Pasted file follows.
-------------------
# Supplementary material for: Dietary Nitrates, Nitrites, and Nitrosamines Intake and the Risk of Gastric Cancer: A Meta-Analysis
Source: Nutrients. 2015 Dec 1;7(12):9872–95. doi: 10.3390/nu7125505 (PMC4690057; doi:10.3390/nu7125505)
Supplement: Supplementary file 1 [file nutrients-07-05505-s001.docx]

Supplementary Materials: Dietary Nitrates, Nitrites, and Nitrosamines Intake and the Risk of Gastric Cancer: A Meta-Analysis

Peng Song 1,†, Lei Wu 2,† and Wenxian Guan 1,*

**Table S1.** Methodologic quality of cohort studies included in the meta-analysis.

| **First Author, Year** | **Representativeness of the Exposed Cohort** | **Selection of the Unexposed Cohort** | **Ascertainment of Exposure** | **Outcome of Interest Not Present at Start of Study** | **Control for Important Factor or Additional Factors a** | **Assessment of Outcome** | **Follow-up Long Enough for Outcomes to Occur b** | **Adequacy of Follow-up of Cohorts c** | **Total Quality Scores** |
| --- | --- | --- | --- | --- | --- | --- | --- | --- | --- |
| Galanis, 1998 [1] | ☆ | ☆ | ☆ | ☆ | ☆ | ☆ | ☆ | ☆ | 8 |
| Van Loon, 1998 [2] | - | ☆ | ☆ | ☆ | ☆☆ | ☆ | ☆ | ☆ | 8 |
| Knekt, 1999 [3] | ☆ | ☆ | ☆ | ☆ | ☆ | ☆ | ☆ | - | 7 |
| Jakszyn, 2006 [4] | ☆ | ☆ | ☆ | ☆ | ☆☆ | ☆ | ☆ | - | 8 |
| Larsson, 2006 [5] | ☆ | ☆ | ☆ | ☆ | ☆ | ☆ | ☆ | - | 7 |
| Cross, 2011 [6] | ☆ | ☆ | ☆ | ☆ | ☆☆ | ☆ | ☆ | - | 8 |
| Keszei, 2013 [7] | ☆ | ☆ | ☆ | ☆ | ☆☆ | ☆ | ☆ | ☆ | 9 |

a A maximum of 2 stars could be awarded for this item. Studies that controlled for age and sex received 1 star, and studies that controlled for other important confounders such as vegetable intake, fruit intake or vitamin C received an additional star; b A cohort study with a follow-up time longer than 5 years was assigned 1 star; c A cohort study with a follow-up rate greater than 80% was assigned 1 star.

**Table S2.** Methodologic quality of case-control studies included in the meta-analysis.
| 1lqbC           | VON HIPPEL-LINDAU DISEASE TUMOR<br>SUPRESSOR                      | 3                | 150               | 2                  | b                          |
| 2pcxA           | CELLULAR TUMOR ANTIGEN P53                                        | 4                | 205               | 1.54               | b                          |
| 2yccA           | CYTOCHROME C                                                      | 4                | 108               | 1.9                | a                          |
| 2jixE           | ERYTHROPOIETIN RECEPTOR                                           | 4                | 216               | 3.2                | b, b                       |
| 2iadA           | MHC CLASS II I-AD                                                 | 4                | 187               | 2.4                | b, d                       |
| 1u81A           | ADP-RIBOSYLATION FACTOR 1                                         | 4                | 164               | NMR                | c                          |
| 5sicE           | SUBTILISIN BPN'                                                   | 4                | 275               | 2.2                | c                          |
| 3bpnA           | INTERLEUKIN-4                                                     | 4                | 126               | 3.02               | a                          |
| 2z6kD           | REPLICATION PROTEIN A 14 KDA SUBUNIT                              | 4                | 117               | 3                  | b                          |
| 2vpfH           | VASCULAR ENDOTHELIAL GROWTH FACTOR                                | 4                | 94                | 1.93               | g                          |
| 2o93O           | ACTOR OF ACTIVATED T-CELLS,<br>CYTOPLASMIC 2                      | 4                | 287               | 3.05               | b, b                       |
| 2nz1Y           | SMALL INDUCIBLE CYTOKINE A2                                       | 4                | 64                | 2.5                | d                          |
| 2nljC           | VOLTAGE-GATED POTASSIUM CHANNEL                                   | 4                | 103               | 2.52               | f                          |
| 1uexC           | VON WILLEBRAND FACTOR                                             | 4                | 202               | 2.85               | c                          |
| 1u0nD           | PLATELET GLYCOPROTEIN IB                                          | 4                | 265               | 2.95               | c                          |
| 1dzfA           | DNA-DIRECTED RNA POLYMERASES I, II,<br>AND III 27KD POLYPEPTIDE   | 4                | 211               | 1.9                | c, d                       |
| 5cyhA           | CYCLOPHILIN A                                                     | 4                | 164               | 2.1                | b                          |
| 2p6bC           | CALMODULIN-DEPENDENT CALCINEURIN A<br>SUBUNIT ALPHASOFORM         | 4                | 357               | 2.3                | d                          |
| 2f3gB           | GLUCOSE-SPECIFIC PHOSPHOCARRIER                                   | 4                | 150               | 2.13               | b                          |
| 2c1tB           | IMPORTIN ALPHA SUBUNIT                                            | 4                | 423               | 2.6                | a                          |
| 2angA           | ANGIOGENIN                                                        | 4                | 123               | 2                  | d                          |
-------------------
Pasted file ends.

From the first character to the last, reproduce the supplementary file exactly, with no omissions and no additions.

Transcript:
# Supplementary material for: Dietary Nitrates, Nitrites, and Nitrosamines Intake and the Risk of Gastric Cancer: A Meta-Analysis
Source: Nutrients. 2015 Dec 1;7(12):9872–95. doi: 10.3390/nu7125505 (PMC4690057; doi:10.3390/nu7125505)
Supplement: Supplementary file 1 [file nutrients-07-05505-s001.docx]

Supplementary Materials: Dietary Nitrates, Nitrites, and Nitrosamines Intake and the Risk of Gastric Cancer: A Meta-Analysis

Peng Song 1,†, Lei Wu 2,† and Wenxian Guan 1,*

**Table S1.** Methodologic quality of cohort studies included in the meta-analysis.

| **First Author, Year** | **Representativeness of the Exposed Cohort** | **Selection of the Unexposed Cohort** | **Ascertainment of Exposure** | **Outcome of Interest Not Present at Start of Study** | **Control for Important Factor or Additional Factors a** | **Assessment of Outcome** | **Follow-up Long Enough for Outcomes to Occur b** | **Adequacy of Follow-up of Cohorts c** | **Total Quality Scores** |
| --- | --- | --- | --- | --- | --- | --- | --- | --- | --- |
| Galanis, 1998 [1] | ☆ | ☆ | ☆ | ☆ | ☆ | ☆ | ☆ | ☆ | 8 |
| Van Loon, 1998 [2] | - | ☆ | ☆ | ☆ | ☆☆ | ☆ | ☆ | ☆ | 8 |
| Knekt, 1999 [3] | ☆ | ☆ | ☆ | ☆ | ☆ | ☆ | ☆ | - | 7 |
| Jakszyn, 2006 [4] | ☆ | ☆ | ☆ | ☆ | ☆☆ | ☆ | ☆ | - | 8 |
| Larsson, 2006 [5] | ☆ | ☆ | ☆ | ☆ | ☆ | ☆ | ☆ | - | 7 |
| Cross, 2011 [6] | ☆ | ☆ | ☆ | ☆ | ☆☆ | ☆ | ☆ | - | 8 |
| Keszei, 2013 [7] | ☆ | ☆ | ☆ | ☆ | ☆☆ | ☆ | ☆ | ☆ | 9 |

a A maximum of 2 stars could be awarded for this item. Studies that controlled for age and sex received 1 star, and studies that controlled for other important confounders such as vegetable intake, fruit intake or vitamin C received an additional star; b A cohort study with a follow-up time longer than 5 years was assigned 1 star; c A cohort study with a follow-up rate greater than 80% was assigned 1 star.

**Table S2.** Methodologic quality of case-control studies included in the meta-analysis.
| 1lqbC           | VON HIPPEL-LINDAU DISEASE TUMOR<br>SUPRESSOR                      | 3                | 150               | 2                  | b                          |
| 2pcxA           | CELLULAR TUMOR ANTIGEN P53                                        | 4                | 205               | 1.54               | b                          |
| 2yccA           | CYTOCHROME C                                                      | 4                | 108               | 1.9                | a                          |
| 2jixE           | ERYTHROPOIETIN RECEPTOR                                           | 4                | 216               | 3.2                | b, b                       |
| 2iadA           | MHC CLASS II I-AD                                                 | 4                | 187               | 2.4                | b, d                       |
| 1u81A           | ADP-RIBOSYLATION FACTOR 1                                         | 4                | 164               | NMR                | c                          |
| 5sicE           | SUBTILISIN BPN'                                                   | 4                | 275               | 2.2                | c                          |
| 3bpnA           | INTERLEUKIN-4                                                     | 4                | 126               | 3.02               | a                          |
| 2z6kD           | REPLICATION PROTEIN A 14 KDA SUBUNIT                              | 4                | 117               | 3                  | b                          |
| 2vpfH           | VASCULAR ENDOTHELIAL GROWTH FACTOR                                | 4                | 94                | 1.93               | g                          |
| 2o93O           | ACTOR OF ACTIVATED T-CELLS,<br>CYTOPLASMIC 2                      | 4                | 287               | 3.05               | b, b                       |
| 2nz1Y           | SMALL INDUCIBLE CYTOKINE A2                                       | 4                | 64                | 2.5                | d                          |
| 2nljC           | VOLTAGE-GATED POTASSIUM CHANNEL                                   | 4                | 103               | 2.52               | f                          |
| 1uexC           | VON WILLEBRAND FACTOR                                             | 4                | 202               | 2.85               | c                          |
| 1u0nD           | PLATELET GLYCOPROTEIN IB                                          | 4                | 265               | 2.95               | c                          |
| 1dzfA           | DNA-DIRECTED RNA POLYMERASES I, II,<br>AND III 27KD POLYPEPTIDE   | 4                | 211               | 1.9                | c, d                       |
| 5cyhA           | CYCLOPHILIN A                                                     | 4                | 164               | 2.1                | b                          |
| 2p6bC           | CALMODULIN-DEPENDENT CALCINEURIN A<br>SUBUNIT ALPHASOFORM         | 4                | 357               | 2.3                | d                          |
| 2f3gB           | GLUCOSE-SPECIFIC PHOSPHOCARRIER                                   | 4                | 150               | 2.13               | b                          |
| 2c1tB           | IMPORTIN ALPHA SUBUNIT                                            | 4                | 423               | 2.6                | a                          |
| 2angA           | ANGIOGENIN                                                        | 4                | 123               | 2                  | d                          |